UK: A New Power Of Compulsory Sale? The New Community Right To Buy Abandoned, Neglected Or Detrimental Land

Last Updated: 20 July 2018
Article by Gordon Aitken and Yvonne Allan

The Land Reform (Scotland) Act 2003 brought about a statutory right for communities to purchase land in Scotland. Being more of a right of first refusal over land than a right to buy, it lacks teeth: if the landowner never takes any step to sell the affected land, the community's right to buy is never triggered.

Now qualifying community bodies have access to power with perhaps more bite by virtue of the community right to buy abandoned, neglected or detrimental land which came into force on 27 June 2018.

A successful application by a community body will result in an order requiring the land to be sold.

What sort of land could be affected?

Qualifying community bodies can make an application to the Scottish Ministers to purchase "eligible land".

Eligible land is land:

  • which is wholly or mainly abandoned or neglected; or
  • the use or management of which is such that it results in or causes harm directly or indirectly to the environmental wellbeing of a relevant community – i.e. "detrimental" land.

It includes bridges, inland waters, canals and the foreshore.

Aspects that will be relevant to whether land is abandoned or neglected include the physical condition of the land and any buildings, the length of time the current situation has persisted, and the extent to which there is a risk to public safety. Mitigating factors include whether the land is a nature reserve, or whether it includes a scheduled monument. The current use and management of the land is also relevant – so, if there is in fact an ongoing legitimate use, it will be much less likely that a community application will be granted.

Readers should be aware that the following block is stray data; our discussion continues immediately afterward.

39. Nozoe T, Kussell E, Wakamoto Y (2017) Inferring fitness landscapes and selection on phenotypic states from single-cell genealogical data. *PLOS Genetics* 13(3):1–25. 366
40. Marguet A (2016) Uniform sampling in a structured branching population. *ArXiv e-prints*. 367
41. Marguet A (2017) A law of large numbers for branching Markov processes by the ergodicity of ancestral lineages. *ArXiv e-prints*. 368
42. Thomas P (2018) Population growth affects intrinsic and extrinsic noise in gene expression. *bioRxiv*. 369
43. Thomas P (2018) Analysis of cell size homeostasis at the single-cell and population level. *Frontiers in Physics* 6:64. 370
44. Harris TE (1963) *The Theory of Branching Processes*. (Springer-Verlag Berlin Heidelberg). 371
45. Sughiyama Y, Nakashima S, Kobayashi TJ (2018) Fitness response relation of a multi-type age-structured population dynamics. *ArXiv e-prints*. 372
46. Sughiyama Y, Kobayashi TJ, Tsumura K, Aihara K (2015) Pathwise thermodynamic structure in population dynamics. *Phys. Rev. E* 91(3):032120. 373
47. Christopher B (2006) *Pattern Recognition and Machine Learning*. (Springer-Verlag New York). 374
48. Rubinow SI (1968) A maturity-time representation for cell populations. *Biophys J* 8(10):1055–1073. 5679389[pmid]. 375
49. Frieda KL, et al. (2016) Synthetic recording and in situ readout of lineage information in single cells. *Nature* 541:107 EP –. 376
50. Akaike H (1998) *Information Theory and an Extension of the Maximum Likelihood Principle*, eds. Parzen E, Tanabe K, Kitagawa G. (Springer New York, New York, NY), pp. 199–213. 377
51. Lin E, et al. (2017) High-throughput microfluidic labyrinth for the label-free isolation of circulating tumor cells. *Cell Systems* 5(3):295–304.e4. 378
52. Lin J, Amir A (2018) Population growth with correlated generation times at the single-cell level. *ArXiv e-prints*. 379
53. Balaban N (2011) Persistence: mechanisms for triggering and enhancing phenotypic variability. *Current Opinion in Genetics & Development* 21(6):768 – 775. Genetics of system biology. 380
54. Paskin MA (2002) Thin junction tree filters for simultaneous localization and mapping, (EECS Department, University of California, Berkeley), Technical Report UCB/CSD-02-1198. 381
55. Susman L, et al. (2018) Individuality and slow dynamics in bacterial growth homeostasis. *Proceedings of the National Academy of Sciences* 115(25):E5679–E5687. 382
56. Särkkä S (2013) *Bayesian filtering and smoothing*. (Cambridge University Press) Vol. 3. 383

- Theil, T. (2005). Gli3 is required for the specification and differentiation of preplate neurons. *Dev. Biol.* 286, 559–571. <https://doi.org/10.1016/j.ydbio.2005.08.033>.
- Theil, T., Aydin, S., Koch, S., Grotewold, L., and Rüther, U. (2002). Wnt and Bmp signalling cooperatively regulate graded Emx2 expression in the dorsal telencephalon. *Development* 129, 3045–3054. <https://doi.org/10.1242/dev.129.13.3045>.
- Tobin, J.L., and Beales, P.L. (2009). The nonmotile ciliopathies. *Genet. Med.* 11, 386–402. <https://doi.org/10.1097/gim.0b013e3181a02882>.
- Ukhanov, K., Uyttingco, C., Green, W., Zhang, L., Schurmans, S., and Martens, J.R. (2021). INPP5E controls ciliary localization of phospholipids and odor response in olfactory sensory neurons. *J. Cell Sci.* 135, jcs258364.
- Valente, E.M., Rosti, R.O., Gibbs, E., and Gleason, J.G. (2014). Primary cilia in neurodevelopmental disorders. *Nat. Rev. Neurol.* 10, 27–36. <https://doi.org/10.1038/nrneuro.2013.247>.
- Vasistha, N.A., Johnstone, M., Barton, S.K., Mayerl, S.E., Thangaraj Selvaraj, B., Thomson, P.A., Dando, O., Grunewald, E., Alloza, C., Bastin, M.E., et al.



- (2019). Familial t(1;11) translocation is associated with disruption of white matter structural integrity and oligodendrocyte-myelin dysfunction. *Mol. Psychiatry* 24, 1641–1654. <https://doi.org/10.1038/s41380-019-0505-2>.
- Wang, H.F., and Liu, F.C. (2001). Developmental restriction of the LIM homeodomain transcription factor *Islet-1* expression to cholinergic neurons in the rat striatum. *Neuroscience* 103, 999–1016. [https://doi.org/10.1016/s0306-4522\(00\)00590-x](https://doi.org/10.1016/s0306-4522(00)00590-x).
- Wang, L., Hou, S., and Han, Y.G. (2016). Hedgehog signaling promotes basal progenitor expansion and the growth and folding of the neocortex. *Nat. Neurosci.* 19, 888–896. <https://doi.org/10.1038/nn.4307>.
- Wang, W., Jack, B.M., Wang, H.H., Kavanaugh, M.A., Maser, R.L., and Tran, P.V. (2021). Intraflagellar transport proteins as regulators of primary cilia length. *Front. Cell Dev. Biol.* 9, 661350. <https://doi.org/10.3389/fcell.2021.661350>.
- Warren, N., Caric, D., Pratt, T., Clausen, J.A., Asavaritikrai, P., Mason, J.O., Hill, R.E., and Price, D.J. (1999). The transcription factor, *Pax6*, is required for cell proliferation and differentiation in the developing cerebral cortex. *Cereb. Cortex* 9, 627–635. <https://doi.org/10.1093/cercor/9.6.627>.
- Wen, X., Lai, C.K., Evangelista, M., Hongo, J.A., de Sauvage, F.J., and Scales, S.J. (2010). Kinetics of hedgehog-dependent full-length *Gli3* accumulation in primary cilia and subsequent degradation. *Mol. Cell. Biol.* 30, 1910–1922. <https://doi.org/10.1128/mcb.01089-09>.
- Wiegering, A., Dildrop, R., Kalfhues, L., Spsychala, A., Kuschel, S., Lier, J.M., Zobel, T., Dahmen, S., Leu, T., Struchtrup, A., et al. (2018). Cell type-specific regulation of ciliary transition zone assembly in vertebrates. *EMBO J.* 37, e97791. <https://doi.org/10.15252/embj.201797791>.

Eligible land does not include:

  • Land on which there is a building or other structure which is an individual's home (unless it is occupied under a tenancy) and other associated land (for example, land used for storage of possessions or vehicles used by the occupants of the house).
  • Some types of croft land.
  • Land which is owned or occupied by the Crown in its capacity as ultimate heir (for example because of a landowner's insolvency, or a landowner who has died with no heirs).
  • Land held or used by a Minister of the Crown or government department, and rights to petrol, coal, gold or silver.

The list of exclusions could be expanded in future.

Who can make an application?

Applications can only be made by qualifying community bodies. Generally it must be a charitable or non-profit organisation or company, or a community benefit organisation, in each case with a minimum of 10 members.

The headline point here is that an application cannot be made by an individual with an axe to grind; there needs to be a formal community body behind the move.

How does the community body make the decision as to whether to submit an application?

The community body must hold a ballot of the members of the community within the six months preceding the date of the application. In the ballot, at least half the members of the community must vote, with a majority of those voting supporting the purchase.

How is an application made?